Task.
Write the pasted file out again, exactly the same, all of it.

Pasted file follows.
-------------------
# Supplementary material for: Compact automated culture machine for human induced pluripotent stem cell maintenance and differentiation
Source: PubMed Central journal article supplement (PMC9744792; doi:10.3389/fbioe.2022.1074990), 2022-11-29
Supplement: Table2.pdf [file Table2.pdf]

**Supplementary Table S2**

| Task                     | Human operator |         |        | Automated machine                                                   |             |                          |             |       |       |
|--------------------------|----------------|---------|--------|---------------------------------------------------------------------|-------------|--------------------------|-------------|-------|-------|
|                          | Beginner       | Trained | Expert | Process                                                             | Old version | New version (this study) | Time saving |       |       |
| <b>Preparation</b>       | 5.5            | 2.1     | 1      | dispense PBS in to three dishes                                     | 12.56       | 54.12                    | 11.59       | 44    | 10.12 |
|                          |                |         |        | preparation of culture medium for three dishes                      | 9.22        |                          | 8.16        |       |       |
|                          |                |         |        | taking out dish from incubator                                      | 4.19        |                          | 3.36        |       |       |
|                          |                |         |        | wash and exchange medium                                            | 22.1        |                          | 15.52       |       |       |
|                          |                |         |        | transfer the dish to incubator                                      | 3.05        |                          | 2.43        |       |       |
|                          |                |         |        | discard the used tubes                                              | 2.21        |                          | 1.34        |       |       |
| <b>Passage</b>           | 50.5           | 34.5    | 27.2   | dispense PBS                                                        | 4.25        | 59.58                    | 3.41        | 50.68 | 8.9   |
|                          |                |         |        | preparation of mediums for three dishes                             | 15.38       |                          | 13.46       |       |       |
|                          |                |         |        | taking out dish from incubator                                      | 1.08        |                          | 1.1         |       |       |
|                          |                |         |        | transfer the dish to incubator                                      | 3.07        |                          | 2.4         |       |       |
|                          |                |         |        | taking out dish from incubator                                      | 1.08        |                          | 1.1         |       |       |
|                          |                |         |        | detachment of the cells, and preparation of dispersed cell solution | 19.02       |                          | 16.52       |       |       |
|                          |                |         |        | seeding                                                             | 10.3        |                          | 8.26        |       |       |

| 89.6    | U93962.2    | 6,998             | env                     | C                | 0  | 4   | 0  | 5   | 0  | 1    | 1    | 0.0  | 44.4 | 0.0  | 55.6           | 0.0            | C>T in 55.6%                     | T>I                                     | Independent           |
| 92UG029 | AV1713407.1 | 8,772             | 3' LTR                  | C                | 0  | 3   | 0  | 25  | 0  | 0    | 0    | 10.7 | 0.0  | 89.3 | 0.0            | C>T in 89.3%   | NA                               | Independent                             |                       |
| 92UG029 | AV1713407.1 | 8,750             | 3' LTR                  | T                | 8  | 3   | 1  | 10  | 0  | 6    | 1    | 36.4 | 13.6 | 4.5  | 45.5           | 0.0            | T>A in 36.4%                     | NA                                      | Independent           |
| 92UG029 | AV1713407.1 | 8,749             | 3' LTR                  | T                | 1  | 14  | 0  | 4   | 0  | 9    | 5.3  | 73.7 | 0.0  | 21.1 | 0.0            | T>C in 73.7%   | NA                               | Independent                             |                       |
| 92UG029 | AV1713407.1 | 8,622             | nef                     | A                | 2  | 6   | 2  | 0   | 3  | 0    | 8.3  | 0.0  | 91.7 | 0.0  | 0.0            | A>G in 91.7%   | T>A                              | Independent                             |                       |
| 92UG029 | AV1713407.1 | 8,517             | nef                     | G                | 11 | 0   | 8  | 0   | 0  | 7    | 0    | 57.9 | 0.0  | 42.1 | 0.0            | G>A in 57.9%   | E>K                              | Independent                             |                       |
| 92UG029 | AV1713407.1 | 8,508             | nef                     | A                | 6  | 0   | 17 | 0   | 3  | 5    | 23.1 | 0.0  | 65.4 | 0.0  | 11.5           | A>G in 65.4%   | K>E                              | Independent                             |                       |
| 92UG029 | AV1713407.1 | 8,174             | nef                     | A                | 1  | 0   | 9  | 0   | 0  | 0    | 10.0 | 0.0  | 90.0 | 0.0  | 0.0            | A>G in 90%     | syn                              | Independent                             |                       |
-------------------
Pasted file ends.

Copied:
# Supplementary material for: Compact automated culture machine for human induced pluripotent stem cell maintenance and differentiation
Source: PubMed Central journal article supplement (PMC9744792; doi:10.3389/fbioe.2022.1074990), 2022-11-29
Supplement: Table2.pdf [file Table2.pdf]

**Supplementary Table S2**

| Task                     | Human operator |         |        | Automated machine                                                   |             |                          |             |       |       |
|--------------------------|----------------|---------|--------|---------------------------------------------------------------------|-------------|--------------------------|-------------|-------|-------|
|                          | Beginner       | Trained | Expert | Process                                                             | Old version | New version (this study) | Time saving |       |       |
| <b>Preparation</b>       | 5.5            | 2.1     | 1      | dispense PBS in to three dishes                                     | 12.56       | 54.12                    | 11.59       | 44    | 10.12 |
|                          |                |         |        | preparation of culture medium for three dishes                      | 9.22        |                          | 8.16        |       |       |
|                          |                |         |        | taking out dish from incubator                                      | 4.19        |                          | 3.36        |       |       |
|                          |                |         |        | wash and exchange medium                                            | 22.1        |                          | 15.52       |       |       |
|                          |                |         |        | transfer the dish to incubator                                      | 3.05        |                          | 2.43        |       |       |
|                          |                |         |        | discard the used tubes                                              | 2.21        |                          | 1.34        |       |       |
| <b>Passage</b>           | 50.5           | 34.5    | 27.2   | dispense PBS                                                        | 4.25        | 59.58                    | 3.41        | 50.68 | 8.9   |
|                          |                |         |        | preparation of mediums for three dishes                             | 15.38       |                          | 13.46       |       |       |
|                          |                |         |        | taking out dish from incubator                                      | 1.08        |                          | 1.1         |       |       |
|                          |                |         |        | transfer the dish to incubator                                      | 3.07        |                          | 2.4         |       |       |
|                          |                |         |        | taking out dish from incubator                                      | 1.08        |                          | 1.1         |       |       |
|                          |                |         |        | detachment of the cells, and preparation of dispersed cell solution | 19.02       |                          | 16.52       |       |       |
|                          |                |         |        | seeding                                                             | 10.3        |                          | 8.26        |       |       |

| 89.6    | U93962.2    | 6,998             | env                     | C                | 0  | 4   | 0  | 5   | 0  | 1    | 1    | 0.0  | 44.4 | 0.0  | 55.6           | 0.0            | C>T in 55.6%                     | T>I                                     | Independent           |
| 92UG029 | AV1713407.1 | 8,772             | 3' LTR                  | C                | 0  | 3   | 0  | 25  | 0  | 0    | 0    | 10.7 | 0.0  | 89.3 | 0.0            | C>T in 89.3%   | NA                               | Independent                             |                       |
| 92UG029 | AV1713407.1 | 8,750             | 3' LTR                  | T                | 8  | 3   | 1  | 10  | 0  | 6    | 1    | 36.4 | 13.6 | 4.5  | 45.5           | 0.0            | T>A in 36.4%                     | NA                                      | Independent           |
| 92UG029 | AV1713407.1 | 8,749             | 3' LTR                  | T                | 1  | 14  | 0  | 4   | 0  | 9    | 5.3  | 73.7 | 0.0  | 21.1 | 0.0            | T>C in 73.7%   | NA                               | Independent                             |                       |
| 92UG029 | AV1713407.1 | 8,622             | nef                     | A                | 2  | 6   | 2  | 0   | 3  | 0    | 8.3  | 0.0  | 91.7 | 0.0  | 0.0            | A>G in 91.7%   | T>A                              | Independent                             |                       |
| 92UG029 | AV1713407.1 | 8,517             | nef                     | G                | 11 | 0   | 8  | 0   | 0  | 7    | 0    | 57.9 | 0.0  | 42.1 | 0.0            | G>A in 57.9%   | E>K                              | Independent                             |                       |
| 92UG029 | AV1713407.1 | 8,508             | nef                     | A                | 6  | 0   | 17 | 0   | 3  | 5    | 23.1 | 0.0  | 65.4 | 0.0  | 11.5           | A>G in 65.4%   | K>E                              | Independent                             |                       |
| 92UG029 | AV1713407.1 | 8,174             | nef                     | A                | 1  | 0   | 9  | 0   | 0  | 0    | 10.0 | 0.0  | 90.0 | 0.0  | 0.0            | A>G in 90%     | syn                              | Independent                             |                       |